EATING FOR BRITAIN: BELFAST, DULSE, THE MERCHANT HOTEL and CAYENNE
The journey continued the next morning as Neal pointed our hire car North from his uncle’s house and towards The Giant’s Causeway, that odd little outcrop of rock which the locals claim was built by Irish giant Finn McCool so he could walk to Scotland to have a bit of a barney with his Scottish counterpart.
On the way, we stopped off to sample another one of the potential dishes for my EATING FOR BRITAIN trip, Dulce. Although, little known outside The Six Counties, Dulce is a bit of an obsession in Northern Ireland and is basically seaweed harvested in the early morning and dried on the rocks before being bagged and sold in shops and pubs just about everywhere.
I had wanted to meet one of the producers, but as most of them seem to do this as a sideline while still signing on it was understandable they were a bit reticent to talk to me and were a little less than enthusiastic when we stopped to have a look at where it was laid out to dry. Still, the shopkeepers were more welcoming and for £1.50, I was able to buy a large bag, which Neal and I sampled as we took a chance to look at the stunning scenery on the way to the Causeway. It’s odd stuff alright with the first taste of the chewy seaweed just being of salt, which is why they probably sell it in all the pubs. But, after a few times around the mouth, it begins to release layers of flavour and is actually quite addictive.
The bar at The Merchant Hotel recently won three major awards at the prestigious “Tales of The Cocktail” event in New Orleans, including one for “Best Hotel Bar” Walking into the plush room, it is easy to see why and, by 7pm it was already packed, primarily with visitors rather than the locals who are still coming to terms with the “hideously priced” cocktails.
Er, they should come to London, £7.50 struck me as a bit of a bargain, particularly when the drinks prepared by bartenders, Jack and Hayden under the auspices of manager, Sean Muldoon are up there with anything on offer in the capital. This is a serious bar and the drinks we tried including an excellent Martini, a Manhattan and a Sazerac, three of my tests of a bartender’s skill, were all produced with great presentation and perfect balance.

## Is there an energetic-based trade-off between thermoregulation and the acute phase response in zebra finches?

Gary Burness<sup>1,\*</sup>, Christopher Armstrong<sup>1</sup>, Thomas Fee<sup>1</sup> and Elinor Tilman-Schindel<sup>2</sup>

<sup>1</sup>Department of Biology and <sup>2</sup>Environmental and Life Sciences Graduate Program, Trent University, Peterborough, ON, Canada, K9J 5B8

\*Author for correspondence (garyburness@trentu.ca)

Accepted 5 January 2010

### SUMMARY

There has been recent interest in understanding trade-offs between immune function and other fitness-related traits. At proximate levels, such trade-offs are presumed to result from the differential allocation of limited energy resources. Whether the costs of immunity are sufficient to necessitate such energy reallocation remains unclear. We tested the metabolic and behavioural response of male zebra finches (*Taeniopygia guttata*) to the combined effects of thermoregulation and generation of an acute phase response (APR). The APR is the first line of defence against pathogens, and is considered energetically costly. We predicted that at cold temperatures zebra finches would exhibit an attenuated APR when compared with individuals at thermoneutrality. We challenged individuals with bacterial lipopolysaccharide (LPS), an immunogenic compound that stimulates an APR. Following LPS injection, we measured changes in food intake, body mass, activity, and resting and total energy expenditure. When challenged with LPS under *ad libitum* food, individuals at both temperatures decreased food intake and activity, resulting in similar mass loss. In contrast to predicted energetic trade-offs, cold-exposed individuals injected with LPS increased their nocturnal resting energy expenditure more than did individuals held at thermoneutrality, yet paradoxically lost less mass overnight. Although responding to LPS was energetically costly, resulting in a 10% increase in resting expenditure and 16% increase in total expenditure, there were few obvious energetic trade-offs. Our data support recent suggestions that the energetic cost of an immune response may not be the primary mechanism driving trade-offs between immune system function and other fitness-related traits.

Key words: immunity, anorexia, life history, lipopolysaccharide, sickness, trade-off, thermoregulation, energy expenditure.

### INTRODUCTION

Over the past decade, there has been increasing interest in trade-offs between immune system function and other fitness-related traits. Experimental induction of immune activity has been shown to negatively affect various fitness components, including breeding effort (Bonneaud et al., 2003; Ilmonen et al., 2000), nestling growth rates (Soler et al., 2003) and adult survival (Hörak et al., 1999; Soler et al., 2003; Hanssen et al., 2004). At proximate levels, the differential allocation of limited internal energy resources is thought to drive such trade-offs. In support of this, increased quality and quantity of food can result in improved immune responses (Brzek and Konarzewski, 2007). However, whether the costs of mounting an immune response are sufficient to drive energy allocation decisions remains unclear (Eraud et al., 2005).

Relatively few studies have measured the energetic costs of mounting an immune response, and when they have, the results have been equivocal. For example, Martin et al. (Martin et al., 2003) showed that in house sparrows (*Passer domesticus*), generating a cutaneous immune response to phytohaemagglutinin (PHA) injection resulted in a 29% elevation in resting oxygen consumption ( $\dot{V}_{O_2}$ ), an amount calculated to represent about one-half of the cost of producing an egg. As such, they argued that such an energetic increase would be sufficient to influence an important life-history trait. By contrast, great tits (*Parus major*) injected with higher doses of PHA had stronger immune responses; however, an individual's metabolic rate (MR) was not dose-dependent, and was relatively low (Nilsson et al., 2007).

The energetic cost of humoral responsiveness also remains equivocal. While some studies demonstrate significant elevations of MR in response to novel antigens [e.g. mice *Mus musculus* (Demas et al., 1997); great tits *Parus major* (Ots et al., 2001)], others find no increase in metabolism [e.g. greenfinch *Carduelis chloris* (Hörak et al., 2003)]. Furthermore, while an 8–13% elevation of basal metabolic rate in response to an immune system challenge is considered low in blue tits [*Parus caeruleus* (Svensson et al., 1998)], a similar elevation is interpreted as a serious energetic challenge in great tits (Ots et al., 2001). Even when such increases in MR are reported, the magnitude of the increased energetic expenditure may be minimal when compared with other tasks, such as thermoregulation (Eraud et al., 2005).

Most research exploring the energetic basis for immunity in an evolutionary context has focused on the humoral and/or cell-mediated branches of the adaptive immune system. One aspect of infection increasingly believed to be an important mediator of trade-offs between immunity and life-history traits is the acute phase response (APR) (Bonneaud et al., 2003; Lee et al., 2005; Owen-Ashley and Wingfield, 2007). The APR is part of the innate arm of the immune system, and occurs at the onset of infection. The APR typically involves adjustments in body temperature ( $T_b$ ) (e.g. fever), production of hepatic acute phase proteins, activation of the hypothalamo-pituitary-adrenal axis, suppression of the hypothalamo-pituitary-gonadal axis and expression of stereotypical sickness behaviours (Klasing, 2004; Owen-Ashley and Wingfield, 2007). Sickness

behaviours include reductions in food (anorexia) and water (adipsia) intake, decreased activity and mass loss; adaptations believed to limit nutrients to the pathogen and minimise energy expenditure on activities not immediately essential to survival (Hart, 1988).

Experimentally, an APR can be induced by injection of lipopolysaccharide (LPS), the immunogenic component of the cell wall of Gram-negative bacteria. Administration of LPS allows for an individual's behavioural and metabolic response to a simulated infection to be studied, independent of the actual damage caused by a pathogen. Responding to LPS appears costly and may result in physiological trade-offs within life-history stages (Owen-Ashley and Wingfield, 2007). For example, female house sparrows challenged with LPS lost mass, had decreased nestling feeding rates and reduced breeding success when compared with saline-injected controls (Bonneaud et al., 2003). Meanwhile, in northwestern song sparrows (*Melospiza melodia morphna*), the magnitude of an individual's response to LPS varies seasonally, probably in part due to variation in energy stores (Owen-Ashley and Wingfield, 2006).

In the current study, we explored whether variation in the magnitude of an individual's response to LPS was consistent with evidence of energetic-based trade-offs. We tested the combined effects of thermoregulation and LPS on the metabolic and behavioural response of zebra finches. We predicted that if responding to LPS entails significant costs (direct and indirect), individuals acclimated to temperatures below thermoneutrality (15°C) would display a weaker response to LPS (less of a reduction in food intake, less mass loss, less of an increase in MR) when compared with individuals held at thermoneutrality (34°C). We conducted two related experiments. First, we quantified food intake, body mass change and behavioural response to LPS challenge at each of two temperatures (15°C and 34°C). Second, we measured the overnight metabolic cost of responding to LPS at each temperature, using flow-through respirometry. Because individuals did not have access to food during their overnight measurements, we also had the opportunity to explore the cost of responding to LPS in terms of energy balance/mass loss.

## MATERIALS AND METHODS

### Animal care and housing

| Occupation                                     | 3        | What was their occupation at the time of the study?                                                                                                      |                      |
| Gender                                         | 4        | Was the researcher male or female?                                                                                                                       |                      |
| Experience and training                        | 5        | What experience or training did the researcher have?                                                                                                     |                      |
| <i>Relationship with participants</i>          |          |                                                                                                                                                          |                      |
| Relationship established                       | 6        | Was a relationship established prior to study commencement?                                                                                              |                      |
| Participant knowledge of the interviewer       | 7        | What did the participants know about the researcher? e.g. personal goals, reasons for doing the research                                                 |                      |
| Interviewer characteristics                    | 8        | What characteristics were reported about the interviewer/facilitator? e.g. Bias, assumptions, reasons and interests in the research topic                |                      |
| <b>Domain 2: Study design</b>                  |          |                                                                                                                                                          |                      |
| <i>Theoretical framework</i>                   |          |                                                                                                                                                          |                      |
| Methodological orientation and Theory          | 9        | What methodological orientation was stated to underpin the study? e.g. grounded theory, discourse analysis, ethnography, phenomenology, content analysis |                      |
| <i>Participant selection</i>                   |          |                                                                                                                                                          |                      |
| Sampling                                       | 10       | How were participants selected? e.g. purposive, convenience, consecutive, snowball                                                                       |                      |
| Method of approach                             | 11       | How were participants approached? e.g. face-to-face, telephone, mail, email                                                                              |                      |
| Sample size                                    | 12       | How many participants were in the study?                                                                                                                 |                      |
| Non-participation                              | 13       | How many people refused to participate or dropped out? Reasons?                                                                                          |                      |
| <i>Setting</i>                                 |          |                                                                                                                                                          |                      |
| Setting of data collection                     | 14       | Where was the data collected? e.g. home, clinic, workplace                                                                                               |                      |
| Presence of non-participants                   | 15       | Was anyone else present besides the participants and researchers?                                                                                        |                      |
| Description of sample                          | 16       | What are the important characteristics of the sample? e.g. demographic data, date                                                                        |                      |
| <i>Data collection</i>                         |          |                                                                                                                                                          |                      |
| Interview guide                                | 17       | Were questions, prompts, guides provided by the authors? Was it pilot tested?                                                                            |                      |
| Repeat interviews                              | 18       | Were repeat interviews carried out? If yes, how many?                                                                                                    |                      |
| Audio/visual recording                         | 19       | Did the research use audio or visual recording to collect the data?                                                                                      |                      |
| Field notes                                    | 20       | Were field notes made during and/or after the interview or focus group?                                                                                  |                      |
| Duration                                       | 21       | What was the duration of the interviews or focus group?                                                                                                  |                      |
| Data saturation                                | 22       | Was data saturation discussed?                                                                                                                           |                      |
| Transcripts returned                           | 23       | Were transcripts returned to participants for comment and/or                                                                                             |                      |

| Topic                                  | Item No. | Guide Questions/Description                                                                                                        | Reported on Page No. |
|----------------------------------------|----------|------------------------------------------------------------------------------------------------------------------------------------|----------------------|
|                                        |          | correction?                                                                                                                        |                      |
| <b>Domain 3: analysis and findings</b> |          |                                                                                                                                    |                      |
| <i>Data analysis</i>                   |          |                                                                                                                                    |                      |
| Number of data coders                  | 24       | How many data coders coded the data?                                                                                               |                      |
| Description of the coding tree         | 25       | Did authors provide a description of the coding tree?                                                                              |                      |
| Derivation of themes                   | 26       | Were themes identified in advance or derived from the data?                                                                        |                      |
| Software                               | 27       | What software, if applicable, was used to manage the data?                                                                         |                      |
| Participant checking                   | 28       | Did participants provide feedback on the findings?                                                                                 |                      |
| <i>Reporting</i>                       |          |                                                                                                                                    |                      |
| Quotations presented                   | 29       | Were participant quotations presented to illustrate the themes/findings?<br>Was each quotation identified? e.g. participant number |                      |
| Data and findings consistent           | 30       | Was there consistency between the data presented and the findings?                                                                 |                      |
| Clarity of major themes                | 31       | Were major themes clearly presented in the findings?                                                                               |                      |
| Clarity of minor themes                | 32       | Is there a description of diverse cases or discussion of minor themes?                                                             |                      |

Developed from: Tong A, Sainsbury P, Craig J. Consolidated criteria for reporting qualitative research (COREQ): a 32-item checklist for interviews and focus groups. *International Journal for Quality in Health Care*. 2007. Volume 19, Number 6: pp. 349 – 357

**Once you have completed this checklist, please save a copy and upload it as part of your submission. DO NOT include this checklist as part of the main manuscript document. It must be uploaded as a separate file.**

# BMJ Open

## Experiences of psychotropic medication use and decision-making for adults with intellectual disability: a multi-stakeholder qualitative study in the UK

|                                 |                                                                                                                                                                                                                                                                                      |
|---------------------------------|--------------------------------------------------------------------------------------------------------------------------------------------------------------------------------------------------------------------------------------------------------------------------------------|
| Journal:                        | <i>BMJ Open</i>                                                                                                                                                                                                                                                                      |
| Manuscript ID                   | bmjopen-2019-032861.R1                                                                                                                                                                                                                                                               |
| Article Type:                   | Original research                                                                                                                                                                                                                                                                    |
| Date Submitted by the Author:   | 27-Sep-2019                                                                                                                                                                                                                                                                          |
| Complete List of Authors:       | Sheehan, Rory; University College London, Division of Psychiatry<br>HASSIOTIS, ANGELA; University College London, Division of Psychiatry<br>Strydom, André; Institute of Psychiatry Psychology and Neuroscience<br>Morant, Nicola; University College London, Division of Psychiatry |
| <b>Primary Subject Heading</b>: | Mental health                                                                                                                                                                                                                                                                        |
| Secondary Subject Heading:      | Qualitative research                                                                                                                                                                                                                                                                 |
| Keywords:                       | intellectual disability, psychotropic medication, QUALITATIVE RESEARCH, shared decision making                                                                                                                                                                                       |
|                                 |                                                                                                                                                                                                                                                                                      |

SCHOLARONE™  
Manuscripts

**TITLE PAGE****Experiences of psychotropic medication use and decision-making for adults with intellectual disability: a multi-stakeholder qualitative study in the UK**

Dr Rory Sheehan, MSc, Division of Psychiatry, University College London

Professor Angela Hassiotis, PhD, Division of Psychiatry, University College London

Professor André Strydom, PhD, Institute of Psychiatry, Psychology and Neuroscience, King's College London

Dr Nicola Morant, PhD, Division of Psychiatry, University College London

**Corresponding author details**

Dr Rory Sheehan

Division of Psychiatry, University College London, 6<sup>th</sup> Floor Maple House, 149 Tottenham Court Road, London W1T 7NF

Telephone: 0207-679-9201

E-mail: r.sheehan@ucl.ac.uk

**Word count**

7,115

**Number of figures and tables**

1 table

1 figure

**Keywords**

Definitely worth a visit if you are in Belfast.
If the bar at The Merchant Hotel is worth a visit, Cayenne, the remaining restaurant of the former Paul Rankin empire is, unfortunately, one to avoid, not just for the expense, which is comparable to anything in London, but for its confused menu and poor execution.
I am a fan of Paul Rankin’s. Few UK chefs are as associated with their region as he (Rick Stein and Nigel Haworth, perhaps?) and fewer still have worked so hard to promote the food of their area. Yet, despite the trumpeting of local ingredients on the restaurant website, the menu at Cayenne is a perfect example of what Jay Rayner once described as ‘culinary Esperanto” a mish mash which allowed for “gazpacho” to sit next to crispy duck and “Carpaccio” next to “Thai fish cakes” on the list of starters.
The mains too sat as uneasily on the page as they later did in the stomach. Duck with an “aromatic curry glaze” was offered as an alternative to lamb fillets with “Ras-el Hanout” leaving you imagine that Rankin had given his head chef the challenge of using every last ingredient in the store cupboard and he had proved himself more than up to the task.